situations where great political knowledge is required; and as his majesty relies on his own talents and experience in war for the direction of the army; neither the civil nor military establishments open any very tempting field for the ambition of the nobles, whose education is usually adapted to the parts in life which they have a probability of acting. Their fortunes and titles descend to them, independent of any effort of their own. All the literary distinctions are beneath their regard; it is therefore not thought expedient to cloud the playful innocence of their childhood, or the amiable gaiety of their youth, with severe study. In some other countries, where a very small portion of literary education is thought ́ becoming for young men of rank, and where even this small portion has been neglected, they sometimes catch a little knowledge of history and mythology, and some useful moral sentiments, from the excellent dramatic pieces that are represented on their theatres. They also sometimes pick up some notion of the different governments in Europe, and a few political ideas, in the course of their travels. But the nobility of this country very seldom travel; and the only dramatic pieces, represented here, are operas; in which music, not sentiment, is the principal thing attended to. In the other theatrical entertainments, Punchinello is the shining character. To this disregard of literature among the nobles, it is owing, that in their body are to be found few tiresome, scholastic pedants, and none of those perturbed spirits, who ruffle the serenity of nations by political alarms, who clog the wheels of government by opposition, who pry into the conduct of ministers, or in any way disturb that total indifference with regard to the public, which prevails all over this kingdom. We are told by a great modern historian,* that force of mind, a sense of personal dignity, gallantry in enterprise, invincible perseverance in execu tion, contempt of danger and of death, are the characteristic virtues of uncivilized nations. But as the nobles of

• Vide Dr. Robertson's History of the Emperor Charles V, Sect. I.

VOL. 11.


this country have long been sufficiently civilized, these qualities may in them be supposed to have given place to the arts which embellish a polished age; to gaming, gallantry, music, the parade of equipage, the refinements of dress, and other nameless refinements.



THE citizens of Naples form a society of their own, perfectly distinct from the nobility; and although they are not the most industrious people in the world, yet, having some degree of occupation, and their time being divided between business and pleasure, they probably have more enjoyment than those, who, without internal resources, or opportunities of active exertion, pass their lives in sensual gratifications, and in waiting the returns of appetite around a gaming table. In the most respectable class of citizens, are comprehended the lawyers, of whom there are an incredible number in this town. The most eminent of this profession hold, indeed, a kind of intermediate rank between the nobility and citizens; the rest are on a level with the physicians, the principal merchants, and the artists; none of whom can make great fortunes, however industrious they may be; but a moderate income enables them to support their rank in society, and to enjoy all the conveniences, and many of the luxuries, of life.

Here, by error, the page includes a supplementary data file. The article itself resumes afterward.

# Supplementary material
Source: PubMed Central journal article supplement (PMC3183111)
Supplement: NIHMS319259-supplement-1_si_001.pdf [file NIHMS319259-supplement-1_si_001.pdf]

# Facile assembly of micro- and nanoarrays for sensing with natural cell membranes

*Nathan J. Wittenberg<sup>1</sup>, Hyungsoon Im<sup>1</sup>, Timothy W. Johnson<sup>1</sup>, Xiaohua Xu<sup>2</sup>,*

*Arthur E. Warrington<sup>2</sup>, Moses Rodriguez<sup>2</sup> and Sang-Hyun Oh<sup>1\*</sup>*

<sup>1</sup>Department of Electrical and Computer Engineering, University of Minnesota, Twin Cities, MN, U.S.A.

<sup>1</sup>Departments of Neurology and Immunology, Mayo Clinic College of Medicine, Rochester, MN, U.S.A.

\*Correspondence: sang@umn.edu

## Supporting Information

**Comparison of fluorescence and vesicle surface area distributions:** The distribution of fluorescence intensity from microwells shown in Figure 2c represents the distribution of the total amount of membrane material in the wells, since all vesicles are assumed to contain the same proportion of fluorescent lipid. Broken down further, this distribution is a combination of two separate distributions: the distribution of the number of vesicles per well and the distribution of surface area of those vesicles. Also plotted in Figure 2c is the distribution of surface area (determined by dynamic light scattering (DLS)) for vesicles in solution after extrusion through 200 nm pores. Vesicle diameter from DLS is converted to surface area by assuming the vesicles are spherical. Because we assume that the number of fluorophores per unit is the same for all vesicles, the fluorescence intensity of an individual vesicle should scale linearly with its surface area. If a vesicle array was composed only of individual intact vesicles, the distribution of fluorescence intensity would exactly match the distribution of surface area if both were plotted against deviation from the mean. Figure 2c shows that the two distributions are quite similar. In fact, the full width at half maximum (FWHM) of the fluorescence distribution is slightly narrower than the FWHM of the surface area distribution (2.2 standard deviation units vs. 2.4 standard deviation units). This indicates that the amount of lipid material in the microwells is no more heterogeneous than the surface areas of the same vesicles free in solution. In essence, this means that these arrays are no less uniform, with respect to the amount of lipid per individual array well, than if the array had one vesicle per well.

England is perhaps the only nation in Europe where some individuals, of every profession, even of the lowest, find it possible to accumulate great fortunes; the effect of this very frequently is, that the son despises the profession of the father, commences gentleman, and dissipates, in a few years, what cost a life to gather. In the principal cities of Germany and Italy, we find, that the ancestors of many of those citizens who are the most eminent in their particular businesses, have transmitted the art to them through several generations. It is natural to imagine, that this will tend to the improvement of the art, or science, or pro

fession, as well as the family fortune; and that the third generation will acquire knowledge from the experience, as well as wealth from the industry, of the former two; whereas, in the cases alluded to above, the wheel of fortune moves differently. A man, by assiduity in a particular business, and by genius, acquires a great fortune and a high reputation; the son throws away the fortune and ruins his own character by extravagance; and the grandson is obliged to recommence the business, unaided by the wealth or experience of his ancestors. This, however, is pointing out an evil which I should be sorry to see remedied; because it certainly originates in the riches and prosperity of the country in which it exists.

The number of priests, monks, and ecclesiastics of all the various orders that swarm in this city, is prodigious; and the provision appropriated for their use, is as ample. I am assured, that the clergy are in possession of considerably above one-third of the revenue of the whole kingdom, over and above what some particular orders among them acquire by begging for the use of their convents, and what is gotten in legacies by the address and assiduity of the whole. The unproductive wealth, which is lodged in the churches and convents of this city, amounts also to an amazing value. Not to be compared in point of architecture to the churches and convents of Rome, those of Naples surpass them in riches, in the value of their jewels, and in the quantity of silver and golden crucifixes, vessels, and implements of various kinds. I have often heard these estimated at a sum so enormous as to surpass all credibility; and which, as I have no opportunity of ascertaining with any degree of precision, I shall not mention. This wealth, whatever it amounts to, is of as little use to the kingdom, as if it still remained in the mines of Peru; and the greater part of it, surely, affords as little comfort to the clergy and monks as to any other part of the community; for though it belongs to their church, or their convent, yet it can no more be converted to the use of the priests and monks of such churches and con